Notes from the Road: Outdoor Sports You’ve Never Tried: Snow BikingThis is the third in a new series that we like to call, “The Best Sports You’ve Never Heard Of.”
Living in Montana’s Yellowstone Country means having access to a whole host of athletic opportunities. But while mainstream sports abound, there’s somewhat of an alternative trending in this area of people who want to take already extreme sports to the next level. Today, we’re talking about snow biking.
What it is: Snow biking is motorized bike travel over the snow. Imagine that a dirt bike (or a motorcycle) and a snowmobile had a moto-baby; that’s essentially what a snow bike is.
What gear you need: This is another one of those sports that are a little costly. Not only do you already need to own (or need to buy) a compatible dirt bike, but you have to buy a snow bike kit, which is comprised of a single front ski and a back tread; basically, a thinner version of a tread like what you see on a snowmobile.
And it helps to have a mechanic in the family; the snow bike kit is relatively easy to assemble, after you’ve taken the dirt bike’s wheels off, but you’ll need yourself some tools and some basic mechanical know-how.
How the sport developed: In the snowmobiling world, riders love that they can get deep into snow covered terrain, but there’s always the concern about the logistics of actually getting there on sometimes unwieldy sleds. Backcountry skiers—who also seek out untouched powder stashes—love it because it means they can get to prime ski spots without spending a night in the woods or an inordinate amount of energy.
As already mentioned, snowmobiling in the backcountry can have a few technical difficulties, primary among them being the fact that big sleds have a hard time going anywhere off-trail or on the side of a mountain. Occasionally, snowmobiles will slip out from under the rider due to their weight and unstable snow conditions. This leads to a lot of digging out of stuck snowmobiles and much less time actually enjoying the backcountry. Additionally, going downhill on a regular snowmobile can be a harrowing experience, since they have a wide-ski stance and make turning and maneuvering difficult.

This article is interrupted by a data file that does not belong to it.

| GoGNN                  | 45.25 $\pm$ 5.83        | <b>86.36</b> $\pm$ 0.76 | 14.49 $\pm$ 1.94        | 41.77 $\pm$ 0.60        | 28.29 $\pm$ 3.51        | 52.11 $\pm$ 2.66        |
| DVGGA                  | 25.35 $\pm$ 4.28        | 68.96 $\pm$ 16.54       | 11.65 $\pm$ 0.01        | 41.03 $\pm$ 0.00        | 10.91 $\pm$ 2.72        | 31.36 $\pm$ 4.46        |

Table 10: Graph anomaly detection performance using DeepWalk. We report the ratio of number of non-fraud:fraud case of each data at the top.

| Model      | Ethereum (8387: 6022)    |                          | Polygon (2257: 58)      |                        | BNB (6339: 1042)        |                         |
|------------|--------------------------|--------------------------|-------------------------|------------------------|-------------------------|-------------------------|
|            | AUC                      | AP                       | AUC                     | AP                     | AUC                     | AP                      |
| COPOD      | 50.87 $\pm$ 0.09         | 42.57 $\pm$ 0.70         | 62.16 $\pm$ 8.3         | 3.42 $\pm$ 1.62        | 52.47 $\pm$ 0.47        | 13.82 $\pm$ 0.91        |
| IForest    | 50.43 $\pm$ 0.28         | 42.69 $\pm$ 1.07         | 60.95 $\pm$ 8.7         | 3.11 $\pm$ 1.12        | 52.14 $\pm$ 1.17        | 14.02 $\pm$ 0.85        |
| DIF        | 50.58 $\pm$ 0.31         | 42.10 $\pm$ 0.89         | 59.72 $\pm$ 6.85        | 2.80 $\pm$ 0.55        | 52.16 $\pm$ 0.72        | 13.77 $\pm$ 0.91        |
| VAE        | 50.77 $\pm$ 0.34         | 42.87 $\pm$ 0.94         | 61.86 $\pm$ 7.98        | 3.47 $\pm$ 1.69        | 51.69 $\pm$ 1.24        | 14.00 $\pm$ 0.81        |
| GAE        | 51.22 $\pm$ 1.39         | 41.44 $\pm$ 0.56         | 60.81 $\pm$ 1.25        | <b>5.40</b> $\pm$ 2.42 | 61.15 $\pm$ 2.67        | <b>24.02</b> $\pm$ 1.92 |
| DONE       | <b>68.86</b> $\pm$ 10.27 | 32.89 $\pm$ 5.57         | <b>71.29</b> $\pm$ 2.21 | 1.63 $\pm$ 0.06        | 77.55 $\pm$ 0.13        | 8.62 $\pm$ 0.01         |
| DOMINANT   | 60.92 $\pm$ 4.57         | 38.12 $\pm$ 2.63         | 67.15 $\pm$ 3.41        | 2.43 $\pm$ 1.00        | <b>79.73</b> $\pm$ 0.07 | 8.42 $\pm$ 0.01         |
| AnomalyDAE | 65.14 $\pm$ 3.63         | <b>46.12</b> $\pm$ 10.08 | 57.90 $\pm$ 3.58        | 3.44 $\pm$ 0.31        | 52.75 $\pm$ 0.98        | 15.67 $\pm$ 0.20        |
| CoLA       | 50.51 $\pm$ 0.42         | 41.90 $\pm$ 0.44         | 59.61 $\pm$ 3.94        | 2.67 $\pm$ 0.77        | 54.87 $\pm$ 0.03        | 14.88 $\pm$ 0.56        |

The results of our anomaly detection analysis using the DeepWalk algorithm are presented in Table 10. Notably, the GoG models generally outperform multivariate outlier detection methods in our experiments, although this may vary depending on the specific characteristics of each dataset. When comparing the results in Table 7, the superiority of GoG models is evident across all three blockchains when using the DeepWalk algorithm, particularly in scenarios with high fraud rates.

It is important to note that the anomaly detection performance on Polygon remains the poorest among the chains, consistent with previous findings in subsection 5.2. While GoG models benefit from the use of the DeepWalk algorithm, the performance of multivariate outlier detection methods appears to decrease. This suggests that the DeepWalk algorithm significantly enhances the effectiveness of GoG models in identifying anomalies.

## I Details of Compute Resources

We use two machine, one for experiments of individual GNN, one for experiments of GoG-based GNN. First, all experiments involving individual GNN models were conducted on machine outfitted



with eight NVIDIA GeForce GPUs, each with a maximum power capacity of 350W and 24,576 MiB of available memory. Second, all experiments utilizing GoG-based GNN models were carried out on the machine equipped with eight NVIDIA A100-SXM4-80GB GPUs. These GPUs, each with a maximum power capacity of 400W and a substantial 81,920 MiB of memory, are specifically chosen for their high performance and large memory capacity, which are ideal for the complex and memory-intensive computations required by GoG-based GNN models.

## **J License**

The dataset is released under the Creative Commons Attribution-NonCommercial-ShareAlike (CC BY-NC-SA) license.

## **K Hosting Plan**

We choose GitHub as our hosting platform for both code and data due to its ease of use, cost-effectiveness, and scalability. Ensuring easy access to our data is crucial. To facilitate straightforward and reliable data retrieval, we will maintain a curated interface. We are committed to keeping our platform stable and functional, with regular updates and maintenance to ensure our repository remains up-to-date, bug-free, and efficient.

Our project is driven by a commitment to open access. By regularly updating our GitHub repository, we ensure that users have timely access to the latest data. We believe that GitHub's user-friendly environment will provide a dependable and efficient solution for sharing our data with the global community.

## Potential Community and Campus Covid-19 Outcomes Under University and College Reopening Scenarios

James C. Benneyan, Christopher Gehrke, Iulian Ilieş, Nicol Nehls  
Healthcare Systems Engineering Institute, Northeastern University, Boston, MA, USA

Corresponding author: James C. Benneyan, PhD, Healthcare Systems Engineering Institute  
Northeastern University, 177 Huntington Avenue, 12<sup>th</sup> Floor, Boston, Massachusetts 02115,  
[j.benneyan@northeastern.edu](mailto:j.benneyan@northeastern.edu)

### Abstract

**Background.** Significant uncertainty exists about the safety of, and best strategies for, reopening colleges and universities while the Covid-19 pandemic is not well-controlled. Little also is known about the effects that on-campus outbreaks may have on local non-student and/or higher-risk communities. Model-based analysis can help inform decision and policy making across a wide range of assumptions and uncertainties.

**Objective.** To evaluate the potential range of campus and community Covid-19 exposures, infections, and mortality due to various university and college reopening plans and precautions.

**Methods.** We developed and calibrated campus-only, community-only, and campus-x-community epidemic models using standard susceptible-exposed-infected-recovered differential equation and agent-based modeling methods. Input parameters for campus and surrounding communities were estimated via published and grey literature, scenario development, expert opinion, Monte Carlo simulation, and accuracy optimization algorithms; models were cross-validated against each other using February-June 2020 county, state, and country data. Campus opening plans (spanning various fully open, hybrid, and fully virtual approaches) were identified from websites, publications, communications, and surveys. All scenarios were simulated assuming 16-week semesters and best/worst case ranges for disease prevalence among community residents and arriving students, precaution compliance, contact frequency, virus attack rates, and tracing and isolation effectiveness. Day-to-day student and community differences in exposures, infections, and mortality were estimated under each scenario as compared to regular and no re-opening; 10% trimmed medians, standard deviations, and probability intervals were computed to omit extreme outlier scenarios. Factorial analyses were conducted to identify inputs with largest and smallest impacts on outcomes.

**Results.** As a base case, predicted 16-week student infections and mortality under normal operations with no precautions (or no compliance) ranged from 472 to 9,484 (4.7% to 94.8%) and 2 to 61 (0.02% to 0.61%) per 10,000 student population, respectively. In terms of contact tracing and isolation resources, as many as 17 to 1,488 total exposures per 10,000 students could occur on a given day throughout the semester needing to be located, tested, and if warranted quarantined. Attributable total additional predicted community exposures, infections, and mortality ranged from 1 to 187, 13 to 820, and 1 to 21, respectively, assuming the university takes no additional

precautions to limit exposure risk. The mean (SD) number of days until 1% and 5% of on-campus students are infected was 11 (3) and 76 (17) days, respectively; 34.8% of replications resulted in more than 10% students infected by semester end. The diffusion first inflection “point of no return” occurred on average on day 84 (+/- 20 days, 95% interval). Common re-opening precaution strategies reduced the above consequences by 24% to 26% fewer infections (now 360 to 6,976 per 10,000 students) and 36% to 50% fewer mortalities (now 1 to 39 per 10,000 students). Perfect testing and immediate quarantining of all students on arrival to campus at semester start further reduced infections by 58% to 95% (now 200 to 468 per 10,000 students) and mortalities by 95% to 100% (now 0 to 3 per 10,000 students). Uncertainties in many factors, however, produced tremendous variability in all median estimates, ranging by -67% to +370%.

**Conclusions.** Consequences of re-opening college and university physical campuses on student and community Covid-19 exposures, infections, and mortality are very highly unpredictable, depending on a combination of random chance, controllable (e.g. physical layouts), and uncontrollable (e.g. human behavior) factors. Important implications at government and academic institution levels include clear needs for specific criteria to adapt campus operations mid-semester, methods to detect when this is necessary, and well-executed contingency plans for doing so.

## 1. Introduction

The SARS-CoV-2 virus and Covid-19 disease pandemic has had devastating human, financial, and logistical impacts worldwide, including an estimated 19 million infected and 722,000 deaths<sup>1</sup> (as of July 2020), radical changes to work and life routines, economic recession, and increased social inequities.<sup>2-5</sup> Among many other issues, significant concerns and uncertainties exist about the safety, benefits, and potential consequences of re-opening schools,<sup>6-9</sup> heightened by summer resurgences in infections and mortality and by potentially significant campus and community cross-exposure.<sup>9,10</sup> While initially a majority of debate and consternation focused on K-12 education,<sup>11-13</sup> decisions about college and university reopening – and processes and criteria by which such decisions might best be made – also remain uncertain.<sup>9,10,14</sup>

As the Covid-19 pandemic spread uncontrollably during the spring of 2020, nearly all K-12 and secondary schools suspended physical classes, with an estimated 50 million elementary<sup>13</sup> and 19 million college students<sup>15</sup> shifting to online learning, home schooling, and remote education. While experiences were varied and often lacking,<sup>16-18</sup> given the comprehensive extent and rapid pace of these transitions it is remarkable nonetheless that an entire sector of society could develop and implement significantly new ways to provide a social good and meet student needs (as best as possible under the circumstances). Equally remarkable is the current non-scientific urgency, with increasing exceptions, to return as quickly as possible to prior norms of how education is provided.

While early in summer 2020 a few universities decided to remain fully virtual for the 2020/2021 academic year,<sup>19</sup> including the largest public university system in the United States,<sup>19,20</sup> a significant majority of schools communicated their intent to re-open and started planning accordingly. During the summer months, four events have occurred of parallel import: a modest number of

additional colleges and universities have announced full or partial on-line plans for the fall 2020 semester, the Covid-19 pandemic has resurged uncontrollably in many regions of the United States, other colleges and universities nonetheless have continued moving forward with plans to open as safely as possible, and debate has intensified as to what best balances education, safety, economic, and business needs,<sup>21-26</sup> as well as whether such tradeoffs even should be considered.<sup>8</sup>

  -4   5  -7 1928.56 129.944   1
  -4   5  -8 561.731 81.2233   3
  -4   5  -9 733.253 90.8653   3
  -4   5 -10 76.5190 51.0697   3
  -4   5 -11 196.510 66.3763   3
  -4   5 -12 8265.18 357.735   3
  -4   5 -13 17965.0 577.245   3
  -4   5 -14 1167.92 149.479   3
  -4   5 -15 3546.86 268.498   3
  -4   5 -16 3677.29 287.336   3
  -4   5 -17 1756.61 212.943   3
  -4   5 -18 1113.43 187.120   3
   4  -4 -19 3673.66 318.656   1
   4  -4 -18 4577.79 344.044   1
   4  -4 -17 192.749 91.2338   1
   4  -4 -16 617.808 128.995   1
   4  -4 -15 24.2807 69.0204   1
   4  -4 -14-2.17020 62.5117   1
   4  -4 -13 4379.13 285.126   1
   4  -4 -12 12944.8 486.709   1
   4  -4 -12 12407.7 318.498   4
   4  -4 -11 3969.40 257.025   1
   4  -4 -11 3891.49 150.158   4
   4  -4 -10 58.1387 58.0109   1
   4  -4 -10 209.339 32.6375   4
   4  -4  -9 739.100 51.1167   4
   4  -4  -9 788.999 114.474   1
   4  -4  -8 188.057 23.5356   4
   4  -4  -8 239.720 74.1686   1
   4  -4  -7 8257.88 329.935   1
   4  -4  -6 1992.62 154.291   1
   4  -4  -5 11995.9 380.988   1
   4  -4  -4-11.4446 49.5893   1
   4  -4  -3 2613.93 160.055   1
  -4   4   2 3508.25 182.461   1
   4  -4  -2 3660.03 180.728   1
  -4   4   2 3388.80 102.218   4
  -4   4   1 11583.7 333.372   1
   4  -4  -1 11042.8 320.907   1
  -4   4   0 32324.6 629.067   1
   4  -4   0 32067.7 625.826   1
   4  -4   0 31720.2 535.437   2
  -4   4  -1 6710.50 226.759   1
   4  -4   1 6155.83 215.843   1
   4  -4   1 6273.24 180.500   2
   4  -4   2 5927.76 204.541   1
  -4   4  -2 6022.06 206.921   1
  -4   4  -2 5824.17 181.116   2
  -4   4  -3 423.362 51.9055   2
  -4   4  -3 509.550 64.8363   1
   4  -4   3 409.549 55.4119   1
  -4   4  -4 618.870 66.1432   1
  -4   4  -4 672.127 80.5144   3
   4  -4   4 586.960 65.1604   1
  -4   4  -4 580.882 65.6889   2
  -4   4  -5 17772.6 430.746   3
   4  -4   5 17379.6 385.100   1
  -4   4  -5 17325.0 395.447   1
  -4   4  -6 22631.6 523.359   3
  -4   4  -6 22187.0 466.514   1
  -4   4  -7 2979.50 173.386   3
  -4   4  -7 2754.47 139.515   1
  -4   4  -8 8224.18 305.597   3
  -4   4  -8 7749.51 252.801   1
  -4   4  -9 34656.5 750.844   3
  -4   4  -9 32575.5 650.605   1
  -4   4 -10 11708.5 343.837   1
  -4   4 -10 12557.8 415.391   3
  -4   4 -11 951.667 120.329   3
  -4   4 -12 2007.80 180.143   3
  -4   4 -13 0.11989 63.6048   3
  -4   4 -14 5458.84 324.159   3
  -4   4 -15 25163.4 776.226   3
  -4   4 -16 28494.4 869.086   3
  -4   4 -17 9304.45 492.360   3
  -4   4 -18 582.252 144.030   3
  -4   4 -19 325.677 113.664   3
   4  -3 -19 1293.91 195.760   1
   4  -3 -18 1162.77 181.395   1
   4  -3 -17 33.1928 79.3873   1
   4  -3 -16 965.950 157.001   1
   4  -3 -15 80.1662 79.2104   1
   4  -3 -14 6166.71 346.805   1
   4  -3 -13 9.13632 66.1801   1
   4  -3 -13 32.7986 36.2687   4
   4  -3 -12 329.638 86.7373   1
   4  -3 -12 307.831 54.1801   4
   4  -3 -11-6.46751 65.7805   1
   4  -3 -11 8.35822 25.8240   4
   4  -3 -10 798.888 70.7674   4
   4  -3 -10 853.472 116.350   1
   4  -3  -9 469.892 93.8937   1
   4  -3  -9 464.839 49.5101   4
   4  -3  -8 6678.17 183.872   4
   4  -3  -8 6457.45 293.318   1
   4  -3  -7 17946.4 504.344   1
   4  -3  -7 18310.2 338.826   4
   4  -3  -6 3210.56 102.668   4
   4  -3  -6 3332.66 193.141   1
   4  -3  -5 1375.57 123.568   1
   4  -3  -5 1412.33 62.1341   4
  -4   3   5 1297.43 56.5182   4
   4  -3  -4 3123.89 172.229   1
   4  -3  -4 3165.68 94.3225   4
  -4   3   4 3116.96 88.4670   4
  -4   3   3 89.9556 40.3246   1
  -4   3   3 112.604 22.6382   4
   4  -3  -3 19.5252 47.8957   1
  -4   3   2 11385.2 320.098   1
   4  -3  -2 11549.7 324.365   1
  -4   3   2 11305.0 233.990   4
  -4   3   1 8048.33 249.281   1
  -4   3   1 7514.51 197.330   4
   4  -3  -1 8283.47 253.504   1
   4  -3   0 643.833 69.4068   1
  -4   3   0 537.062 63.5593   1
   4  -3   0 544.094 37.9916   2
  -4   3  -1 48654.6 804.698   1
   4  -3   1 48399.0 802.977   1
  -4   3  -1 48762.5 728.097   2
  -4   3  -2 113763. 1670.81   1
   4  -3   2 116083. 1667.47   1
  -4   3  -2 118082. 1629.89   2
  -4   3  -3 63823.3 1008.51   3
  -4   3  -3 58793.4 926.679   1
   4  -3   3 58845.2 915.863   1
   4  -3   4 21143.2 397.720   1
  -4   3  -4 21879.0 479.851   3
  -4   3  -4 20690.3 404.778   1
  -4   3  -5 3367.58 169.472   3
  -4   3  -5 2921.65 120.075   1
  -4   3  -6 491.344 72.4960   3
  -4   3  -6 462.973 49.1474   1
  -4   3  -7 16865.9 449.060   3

At some point, someone decided there had to be a better way. Hence, the creation of the snow bike, a light-weight, extremely maneuverable variation on a theme.
What’s the benefit of this sport? For diehard snowmobilers out there, snow biking is a way to go faster and farther without the hassle of digging out a huge sled or being confined to groomed trails.
Snow bikes are about 200 pounds lighter than the average snowmobile, which means that they maneuver a lot easier. While going uphill can be a bit of a challenge (smaller machine = smaller engine), snow bikes can get off trail, go between trees, slide across narrow snow bridges and tackle side hills without tipping over. And just like a dirt bike, going downhill is a lot more fun. The rider can go off-trail in between the trees on fresh snow, like a dirt biker would, in the summer time.
What are the rules? Snow biking is a relatively new sport, so the Forest Service hasn’t made rules specific to snow biking. Thus, follow all snowmobile rules (stay on trail in National Forests and National Parks). Snow biking on private land can prove a bit more lenient, where most landowners only regulate side hilling and going off-trail.
Where can I see one of these things? Thought you’d never ask. West Yellowstone (the veritable Mecca of snowmobiling) is having their annual Snowmobile Expo from March 14-16. You can watch snowmobile races, check out the 2014 models and demo a snowmobile (provided you have the right gear). And, of course, check out a few snow bikes while you’re at it.